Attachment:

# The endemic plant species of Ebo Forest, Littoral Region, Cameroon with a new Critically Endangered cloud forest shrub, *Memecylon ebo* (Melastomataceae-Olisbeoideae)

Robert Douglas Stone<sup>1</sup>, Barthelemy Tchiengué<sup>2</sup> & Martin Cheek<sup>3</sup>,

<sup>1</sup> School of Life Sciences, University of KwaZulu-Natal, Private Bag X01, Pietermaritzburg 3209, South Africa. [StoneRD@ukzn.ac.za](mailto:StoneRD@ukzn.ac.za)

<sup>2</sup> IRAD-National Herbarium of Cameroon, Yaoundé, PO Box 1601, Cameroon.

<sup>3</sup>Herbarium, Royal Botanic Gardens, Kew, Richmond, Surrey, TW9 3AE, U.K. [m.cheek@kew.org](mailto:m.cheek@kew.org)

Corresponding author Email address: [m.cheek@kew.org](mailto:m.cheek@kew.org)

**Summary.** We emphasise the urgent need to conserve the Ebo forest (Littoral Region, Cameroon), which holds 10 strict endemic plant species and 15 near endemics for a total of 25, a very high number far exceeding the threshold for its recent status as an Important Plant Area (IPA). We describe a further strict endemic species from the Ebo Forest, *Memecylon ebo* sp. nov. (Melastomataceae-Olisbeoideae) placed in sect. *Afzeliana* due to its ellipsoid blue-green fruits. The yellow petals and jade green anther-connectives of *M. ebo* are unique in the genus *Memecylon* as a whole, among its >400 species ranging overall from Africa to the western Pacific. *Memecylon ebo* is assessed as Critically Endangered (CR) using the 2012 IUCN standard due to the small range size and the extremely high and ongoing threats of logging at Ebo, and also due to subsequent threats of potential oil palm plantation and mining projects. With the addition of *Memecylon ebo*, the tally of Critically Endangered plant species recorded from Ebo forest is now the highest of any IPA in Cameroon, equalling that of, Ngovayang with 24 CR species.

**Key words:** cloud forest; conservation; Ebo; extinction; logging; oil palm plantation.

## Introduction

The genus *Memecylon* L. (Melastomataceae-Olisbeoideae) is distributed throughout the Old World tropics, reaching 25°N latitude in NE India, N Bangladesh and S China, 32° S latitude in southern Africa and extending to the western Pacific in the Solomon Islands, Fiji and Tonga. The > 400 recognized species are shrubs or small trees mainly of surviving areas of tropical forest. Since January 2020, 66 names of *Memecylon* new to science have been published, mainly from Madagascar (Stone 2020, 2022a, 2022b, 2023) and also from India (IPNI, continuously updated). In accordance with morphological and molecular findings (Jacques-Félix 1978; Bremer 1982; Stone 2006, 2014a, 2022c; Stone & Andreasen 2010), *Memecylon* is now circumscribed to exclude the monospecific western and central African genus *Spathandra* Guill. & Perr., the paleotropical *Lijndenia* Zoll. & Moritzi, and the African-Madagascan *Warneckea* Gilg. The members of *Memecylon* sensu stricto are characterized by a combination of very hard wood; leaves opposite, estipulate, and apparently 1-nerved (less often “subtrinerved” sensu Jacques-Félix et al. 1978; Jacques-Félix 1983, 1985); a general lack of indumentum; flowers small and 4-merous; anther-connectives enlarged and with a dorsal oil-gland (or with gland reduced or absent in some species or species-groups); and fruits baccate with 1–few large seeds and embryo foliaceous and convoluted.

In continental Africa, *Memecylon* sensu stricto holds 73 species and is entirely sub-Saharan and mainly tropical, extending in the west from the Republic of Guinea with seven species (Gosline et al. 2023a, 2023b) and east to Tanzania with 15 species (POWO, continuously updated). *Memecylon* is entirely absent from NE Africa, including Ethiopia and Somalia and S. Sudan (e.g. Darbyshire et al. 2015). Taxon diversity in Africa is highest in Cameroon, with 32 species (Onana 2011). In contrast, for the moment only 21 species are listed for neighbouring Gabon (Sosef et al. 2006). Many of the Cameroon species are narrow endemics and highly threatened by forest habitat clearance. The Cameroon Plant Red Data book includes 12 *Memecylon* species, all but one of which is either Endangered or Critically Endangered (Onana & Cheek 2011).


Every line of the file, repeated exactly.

# The endemic plant species of Ebo Forest, Littoral Region, Cameroon with a new Critically Endangered cloud forest shrub, *Memecylon ebo* (Melastomataceae-Olisbeoideae)

Robert Douglas Stone<sup>1</sup>, Barthelemy Tchiengué<sup>2</sup> & Martin Cheek<sup>3</sup>,

<sup>1</sup> School of Life Sciences, University of KwaZulu-Natal, Private Bag X01, Pietermaritzburg 3209, South Africa. [StoneRD@ukzn.ac.za](mailto:StoneRD@ukzn.ac.za)

<sup>2</sup> IRAD-National Herbarium of Cameroon, Yaoundé, PO Box 1601, Cameroon.

<sup>3</sup>Herbarium, Royal Botanic Gardens, Kew, Richmond, Surrey, TW9 3AE, U.K. [m.cheek@kew.org](mailto:m.cheek@kew.org)

Corresponding author Email address: [m.cheek@kew.org](mailto:m.cheek@kew.org)

**Summary.** We emphasise the urgent need to conserve the Ebo forest (Littoral Region, Cameroon), which holds 10 strict endemic plant species and 15 near endemics for a total of 25, a very high number far exceeding the threshold for its recent status as an Important Plant Area (IPA). We describe a further strict endemic species from the Ebo Forest, *Memecylon ebo* sp. nov. (Melastomataceae-Olisbeoideae) placed in sect. *Afzeliana* due to its ellipsoid blue-green fruits. The yellow petals and jade green anther-connectives of *M. ebo* are unique in the genus *Memecylon* as a whole, among its >400 species ranging overall from Africa to the western Pacific. *Memecylon ebo* is assessed as Critically Endangered (CR) using the 2012 IUCN standard due to the small range size and the extremely high and ongoing threats of logging at Ebo, and also due to subsequent threats of potential oil palm plantation and mining projects. With the addition of *Memecylon ebo*, the tally of Critically Endangered plant species recorded from Ebo forest is now the highest of any IPA in Cameroon, equalling that of, Ngovayang with 24 CR species.

**Key words:** cloud forest; conservation; Ebo; extinction; logging; oil palm plantation.

## Introduction

The genus *Memecylon* L. (Melastomataceae-Olisbeoideae) is distributed throughout the Old World tropics, reaching 25°N latitude in NE India, N Bangladesh and S China, 32° S latitude in southern Africa and extending to the western Pacific in the Solomon Islands, Fiji and Tonga. The > 400 recognized species are shrubs or small trees mainly of surviving areas of tropical forest. Since January 2020, 66 names of *Memecylon* new to science have been published, mainly from Madagascar (Stone 2020, 2022a, 2022b, 2023) and also from India (IPNI, continuously updated). In accordance with morphological and molecular findings (Jacques-Félix 1978; Bremer 1982; Stone 2006, 2014a, 2022c; Stone & Andreasen 2010), *Memecylon* is now circumscribed to exclude the monospecific western and central African genus *Spathandra* Guill. & Perr., the paleotropical *Lijndenia* Zoll. & Moritzi, and the African-Madagascan *Warneckea* Gilg. The members of *Memecylon* sensu stricto are characterized by a combination of very hard wood; leaves opposite, estipulate, and apparently 1-nerved (less often “subtrinerved” sensu Jacques-Félix et al. 1978; Jacques-Félix 1983, 1985); a general lack of indumentum; flowers small and 4-merous; anther-connectives enlarged and with a dorsal oil-gland (or with gland reduced or absent in some species or species-groups); and fruits baccate with 1–few large seeds and embryo foliaceous and convoluted.

In continental Africa, *Memecylon* sensu stricto holds 73 species and is entirely sub-Saharan and mainly tropical, extending in the west from the Republic of Guinea with seven species (Gosline et al. 2023a, 2023b) and east to Tanzania with 15 species (POWO, continuously updated). *Memecylon* is entirely absent from NE Africa, including Ethiopia and Somalia and S. Sudan (e.g. Darbyshire et al. 2015). Taxon diversity in Africa is highest in Cameroon, with 32 species (Onana 2011). In contrast, for the moment only 21 species are listed for neighbouring Gabon (Sosef et al. 2006). Many of the Cameroon species are narrow endemics and highly threatened by forest habitat clearance. The Cameroon Plant Red Data book includes 12 *Memecylon* species, all but one of which is either Endangered or Critically Endangered (Onana & Cheek 2011).